In­stead, most of the de­vel­op­ing Asian coun­tries have jumped straight into mo­bile tech­nol­ogy that en­ables has­sle­free pay­ments.

For coun­tries like China — with a large pop­u­la­tion with­out bank ac­counts and a bank­ing in­fra­struc­ture that is grow­ing quickly — this dig­i­tal leap means that fears of job losses due to tech­no­log­i­cal evo­lu­tion may be ir­rel­e­vant.

“Fin­tech is play­ing a key role in the de­vel­op­ment of fi­nan­cial ser­vices across Asia. Peo­ple want con­ve­nience at their fin­ger­tips and this in­cludes their fi­nan­cial trans­ac­tions and re­port­ing,” says Carver at Nest.

This is ev­i­denced by a tran­si­tion un­der­way in China from phys­i­cal to dig­i­tal fi­nan­cial flows, which has been “breath­tak­ing” with 96 per­cent of e-com­merce sales done with­out the in­volve­ment of a bank, ac­cord­ing to the Dig­i­tal Dis­rup­tion re­port.

China also has the largest P2P lend­ing mar­ket in the world, ac­cord­ing to the same re­port, which pointed out that “if we were to ex­trap­o­late the re­cent growth rate out to end2018, the Chi­nese P2P mar­ket would be about 9 per­cent of to­tal re­tail loans”.

Other Asian coun­tries also have large un­banked pop­u­la­tions. In­dia, In­done­sia and the Philip­pines alone have some 400 mil­lion peo­ple with­out bank ac­counts that could ben­e­fit from fin­tech. In the Philip­pines, for ex­am­ple, there are more peo­ple with Face­book ac­counts than bank ac­counts.

Mo­bile pay­ments could help these peo­ple ac­cess ba­sic fi­nan­cial ser­vices and pol­icy lead­ers in these coun­tries view fin­tech fa­vor­ably.

With the in­cred­i­bly high mo­bile pen­e­tra­tion rate in Asia, banks are quick to col­lab­o­rate with fin­tech com­pa­nies with­out the need to re­duce staff count.

“We are keep­ing more or less the same num­ber of staff. As a man­age­ment team we are try­ing to em­brace fin­tech. The ma­jor­ity of our staff re­ceive train­ing cour­ses — we are look­ing into do­ing things in a dif­fer­ent way,” says Glendy Chu, DBS Bank’s head of group strate­gic mar­ket­ing and com­mu­ni­ca­tion.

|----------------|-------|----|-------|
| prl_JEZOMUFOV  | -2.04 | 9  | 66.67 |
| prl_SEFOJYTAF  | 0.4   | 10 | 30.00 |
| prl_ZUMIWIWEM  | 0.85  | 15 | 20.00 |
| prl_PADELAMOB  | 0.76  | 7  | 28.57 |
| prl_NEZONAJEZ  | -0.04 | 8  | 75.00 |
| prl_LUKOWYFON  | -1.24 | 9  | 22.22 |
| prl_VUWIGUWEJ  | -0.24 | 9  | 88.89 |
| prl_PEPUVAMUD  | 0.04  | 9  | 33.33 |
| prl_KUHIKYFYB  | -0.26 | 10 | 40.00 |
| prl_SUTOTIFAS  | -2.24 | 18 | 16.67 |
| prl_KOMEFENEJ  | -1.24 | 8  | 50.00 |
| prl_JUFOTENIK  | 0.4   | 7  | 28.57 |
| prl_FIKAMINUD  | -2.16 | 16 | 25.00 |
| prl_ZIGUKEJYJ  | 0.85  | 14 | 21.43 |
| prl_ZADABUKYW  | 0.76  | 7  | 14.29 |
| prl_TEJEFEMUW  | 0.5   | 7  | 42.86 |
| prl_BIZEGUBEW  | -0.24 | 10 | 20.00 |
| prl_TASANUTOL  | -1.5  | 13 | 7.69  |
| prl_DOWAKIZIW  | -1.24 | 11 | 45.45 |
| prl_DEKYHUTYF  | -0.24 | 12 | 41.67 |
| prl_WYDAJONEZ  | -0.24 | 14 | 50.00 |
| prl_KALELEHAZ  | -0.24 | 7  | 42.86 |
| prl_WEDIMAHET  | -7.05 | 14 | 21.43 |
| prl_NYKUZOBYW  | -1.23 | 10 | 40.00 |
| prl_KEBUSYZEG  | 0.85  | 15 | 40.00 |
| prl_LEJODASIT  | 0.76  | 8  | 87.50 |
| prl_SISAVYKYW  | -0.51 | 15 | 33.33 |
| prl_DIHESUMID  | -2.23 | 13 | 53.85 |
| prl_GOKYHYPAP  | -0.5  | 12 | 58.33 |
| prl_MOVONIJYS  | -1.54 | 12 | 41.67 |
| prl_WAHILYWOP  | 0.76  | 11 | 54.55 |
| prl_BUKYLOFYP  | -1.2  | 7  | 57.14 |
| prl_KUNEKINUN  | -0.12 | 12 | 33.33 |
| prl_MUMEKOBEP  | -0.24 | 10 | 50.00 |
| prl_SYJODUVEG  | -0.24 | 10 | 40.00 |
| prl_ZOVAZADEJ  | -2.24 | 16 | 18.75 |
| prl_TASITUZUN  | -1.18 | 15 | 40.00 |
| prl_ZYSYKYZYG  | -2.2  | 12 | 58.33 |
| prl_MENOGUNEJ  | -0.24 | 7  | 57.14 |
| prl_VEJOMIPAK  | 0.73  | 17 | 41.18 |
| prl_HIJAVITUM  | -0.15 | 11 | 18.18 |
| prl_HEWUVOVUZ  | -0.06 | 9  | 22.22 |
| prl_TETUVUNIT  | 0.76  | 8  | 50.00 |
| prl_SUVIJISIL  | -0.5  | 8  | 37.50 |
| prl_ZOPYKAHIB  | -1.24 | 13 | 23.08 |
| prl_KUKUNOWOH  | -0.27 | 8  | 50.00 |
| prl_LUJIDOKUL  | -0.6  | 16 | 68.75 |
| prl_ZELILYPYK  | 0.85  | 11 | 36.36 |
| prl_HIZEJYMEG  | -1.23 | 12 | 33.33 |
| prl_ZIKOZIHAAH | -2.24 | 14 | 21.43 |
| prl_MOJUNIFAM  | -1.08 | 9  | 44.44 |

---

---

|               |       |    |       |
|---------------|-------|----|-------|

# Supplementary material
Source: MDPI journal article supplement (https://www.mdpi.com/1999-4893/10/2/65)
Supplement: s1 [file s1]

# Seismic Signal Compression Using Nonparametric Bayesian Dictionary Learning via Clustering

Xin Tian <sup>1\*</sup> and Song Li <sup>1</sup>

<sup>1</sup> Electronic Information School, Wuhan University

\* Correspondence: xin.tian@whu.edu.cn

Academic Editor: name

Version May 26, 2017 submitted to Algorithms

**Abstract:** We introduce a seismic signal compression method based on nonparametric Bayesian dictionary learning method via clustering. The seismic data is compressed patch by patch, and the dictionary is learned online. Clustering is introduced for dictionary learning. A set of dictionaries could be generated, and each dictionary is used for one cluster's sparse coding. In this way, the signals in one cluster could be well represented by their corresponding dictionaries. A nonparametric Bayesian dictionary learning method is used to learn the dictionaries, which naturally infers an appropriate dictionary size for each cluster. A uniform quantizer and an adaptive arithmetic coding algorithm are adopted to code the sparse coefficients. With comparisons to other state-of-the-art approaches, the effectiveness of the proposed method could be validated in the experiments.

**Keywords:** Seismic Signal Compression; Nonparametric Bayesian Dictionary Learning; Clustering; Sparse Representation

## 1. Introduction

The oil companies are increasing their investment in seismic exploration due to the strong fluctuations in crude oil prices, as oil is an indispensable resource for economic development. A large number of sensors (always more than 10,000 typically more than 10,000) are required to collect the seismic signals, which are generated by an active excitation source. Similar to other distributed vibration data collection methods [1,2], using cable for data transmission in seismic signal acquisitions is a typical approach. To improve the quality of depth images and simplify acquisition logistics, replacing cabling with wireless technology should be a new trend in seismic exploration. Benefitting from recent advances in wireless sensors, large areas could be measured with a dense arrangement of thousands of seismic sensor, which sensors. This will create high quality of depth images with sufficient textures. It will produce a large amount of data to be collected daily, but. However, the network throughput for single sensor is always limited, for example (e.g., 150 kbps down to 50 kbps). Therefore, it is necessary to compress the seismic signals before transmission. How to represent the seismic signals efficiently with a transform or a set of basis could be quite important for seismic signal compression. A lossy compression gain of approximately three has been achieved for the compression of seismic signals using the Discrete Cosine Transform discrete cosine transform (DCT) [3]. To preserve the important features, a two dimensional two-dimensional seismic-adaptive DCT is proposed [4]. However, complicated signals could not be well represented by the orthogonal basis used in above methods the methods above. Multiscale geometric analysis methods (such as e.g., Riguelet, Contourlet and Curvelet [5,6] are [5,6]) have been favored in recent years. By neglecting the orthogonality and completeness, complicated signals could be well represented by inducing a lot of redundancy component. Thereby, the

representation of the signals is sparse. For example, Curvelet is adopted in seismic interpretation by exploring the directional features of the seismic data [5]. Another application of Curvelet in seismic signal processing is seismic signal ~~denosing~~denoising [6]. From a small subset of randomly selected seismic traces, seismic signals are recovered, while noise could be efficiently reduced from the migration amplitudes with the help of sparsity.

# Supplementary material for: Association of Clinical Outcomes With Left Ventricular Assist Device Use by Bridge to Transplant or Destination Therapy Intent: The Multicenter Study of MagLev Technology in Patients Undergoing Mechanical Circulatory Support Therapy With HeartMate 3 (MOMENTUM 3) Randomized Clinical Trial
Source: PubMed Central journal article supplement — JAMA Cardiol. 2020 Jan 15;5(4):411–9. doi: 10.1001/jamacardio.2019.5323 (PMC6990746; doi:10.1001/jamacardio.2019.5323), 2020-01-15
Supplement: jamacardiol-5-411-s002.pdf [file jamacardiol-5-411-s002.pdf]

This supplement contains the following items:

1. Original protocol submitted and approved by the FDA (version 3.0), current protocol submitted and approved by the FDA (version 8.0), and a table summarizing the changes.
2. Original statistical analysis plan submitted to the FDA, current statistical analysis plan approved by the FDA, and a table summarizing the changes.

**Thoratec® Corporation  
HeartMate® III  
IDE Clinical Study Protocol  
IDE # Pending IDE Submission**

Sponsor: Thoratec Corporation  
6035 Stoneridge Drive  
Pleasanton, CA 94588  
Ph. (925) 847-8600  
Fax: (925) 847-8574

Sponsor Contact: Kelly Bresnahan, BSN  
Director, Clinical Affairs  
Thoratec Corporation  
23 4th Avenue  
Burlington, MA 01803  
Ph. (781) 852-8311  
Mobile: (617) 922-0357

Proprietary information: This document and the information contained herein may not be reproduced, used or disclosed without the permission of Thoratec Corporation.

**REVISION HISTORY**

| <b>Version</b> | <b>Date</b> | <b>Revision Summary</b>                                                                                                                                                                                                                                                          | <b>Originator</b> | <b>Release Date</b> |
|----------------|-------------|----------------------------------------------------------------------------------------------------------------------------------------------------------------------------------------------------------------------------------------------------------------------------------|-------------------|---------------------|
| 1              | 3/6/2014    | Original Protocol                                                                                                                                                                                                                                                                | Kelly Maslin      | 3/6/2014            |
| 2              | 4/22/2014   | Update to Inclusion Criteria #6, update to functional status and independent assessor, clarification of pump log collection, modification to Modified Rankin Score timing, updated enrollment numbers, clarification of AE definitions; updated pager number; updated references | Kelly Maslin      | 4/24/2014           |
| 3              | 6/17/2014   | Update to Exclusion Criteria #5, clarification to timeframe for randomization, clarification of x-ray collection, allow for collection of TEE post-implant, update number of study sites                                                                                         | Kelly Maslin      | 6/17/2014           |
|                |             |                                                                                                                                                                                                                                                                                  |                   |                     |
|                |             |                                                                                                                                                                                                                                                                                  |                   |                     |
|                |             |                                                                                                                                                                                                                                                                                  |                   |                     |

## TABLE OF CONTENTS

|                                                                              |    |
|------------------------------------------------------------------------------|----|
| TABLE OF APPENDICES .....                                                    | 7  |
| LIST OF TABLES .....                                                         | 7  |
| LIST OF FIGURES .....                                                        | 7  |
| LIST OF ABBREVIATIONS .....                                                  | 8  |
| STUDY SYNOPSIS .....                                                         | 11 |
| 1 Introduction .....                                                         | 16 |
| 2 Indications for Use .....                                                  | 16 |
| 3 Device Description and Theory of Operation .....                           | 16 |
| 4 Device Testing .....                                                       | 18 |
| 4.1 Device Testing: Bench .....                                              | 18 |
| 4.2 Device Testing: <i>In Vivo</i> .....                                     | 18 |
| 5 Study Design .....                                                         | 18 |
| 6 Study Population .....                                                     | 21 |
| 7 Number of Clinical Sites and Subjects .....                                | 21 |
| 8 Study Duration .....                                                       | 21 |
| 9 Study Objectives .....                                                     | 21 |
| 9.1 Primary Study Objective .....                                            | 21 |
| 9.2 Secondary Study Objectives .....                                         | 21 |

Carver says that many banks are work­ing with fin­tech star­tups to in­te­grate new tech­nolo­gies into their ex­ist­ing sys­tems to help im­prove their cus­tomer ex­pe­ri­ence.

“We are run­ning ac­cel­er­a­tor pro­grams with DBS in Hong Kong and OCBC in Sin­ga­pore to help them find those star­tups that are most suited to as­sist­ing the bank to be more ef­fi­cient in­ter­nally and pro­vide a bet­ter cus­tomer ex­pe­ri­ence ex­ter­nally,” she adds.

The DBS Ac­cel­er­a­tor is a joint ini­tia­tive that kicked off last Au­gust be­tween the Sin­ga­porean bank and Nest, the startup in­cu­ba­tor. The DBS Ac­cel­er­a­tor aims to re­shape bank­ing and fi­nance in Asia by se­lect­ing a pool of star­tups to work with the bank.

Last year, 10 star­tups par­tic­i­pated in the ini­tia­tive: To­fuPay, Cur­renxie, Apvera, Cred­itable, Dol­lar$mart, Monexo, Fund In­no­va­tion, Xfers, Closir and Su­per Fluid.

“We have cho­sen to ac­tively par­tic­i­pate in the cre­ation of the fin­tech ecosys­tem. The new com­pe­ti­tion is good for our in­dus­try and will ul­ti­mately help us to de­liver bet­ter ser­vice to our cus­tomers,” said Gigi Wong, man­ager at the mar­ket­ing and com­mu­ni­ca­tions de­part­ment of DBS.

“Star­tups need banks. Many of them seek to sell their fin­tech so­lu­tions to ex­ist­ing play­ers. Banks also need star­tups. There’s al­ways op­por­tu­nity that comes with any threat,” Wong says.

“We have been grow­ing the num­ber of de­vel­op­ers, data sci­en­tists and de­sign­ers at the bank. We’re run­ning hackathons, part­ner­ing with univer­si­ties,” she says. At a hackathon, pro­gram­mers col­lab­o­rate to cre­ate soft­ware or ap­pli­ca­tions.

“Parts of the bank feel more like a tech com­pany now,” Wong adds.

In the long run, although dig­i­tal dis­rup­tion is likely to cause some job losses, there are still ar­eas in fi­nance that need hu­man in­ter­ac­tion now and for the fore­see­able fu­ture.

While cus­tomers may stop vis­it­ing bank branches for trans­ac­tion-re­lated ser­vices, when they need to han­dle com­pli­cated is­sues as­so­ci­ated with life-chang­ing events, such as mort­gage loans, they are likely to still pre­fer hu­man con­tact.

Hence, the pos­i­tive news for large banks is that cus­tomer be­hav­ior does not change overnight and not all cus­tomers are dig­i­tally com­pe­tent.

Fin­tech is do­ing away with jobs that are mind-numb­ing for hu­mans. Ev­ery tech­nol­ogy needs peo­ple to man­age it.” Jen­nifer Carver, chief in­for­ma­tion of­fi­cer at Nest.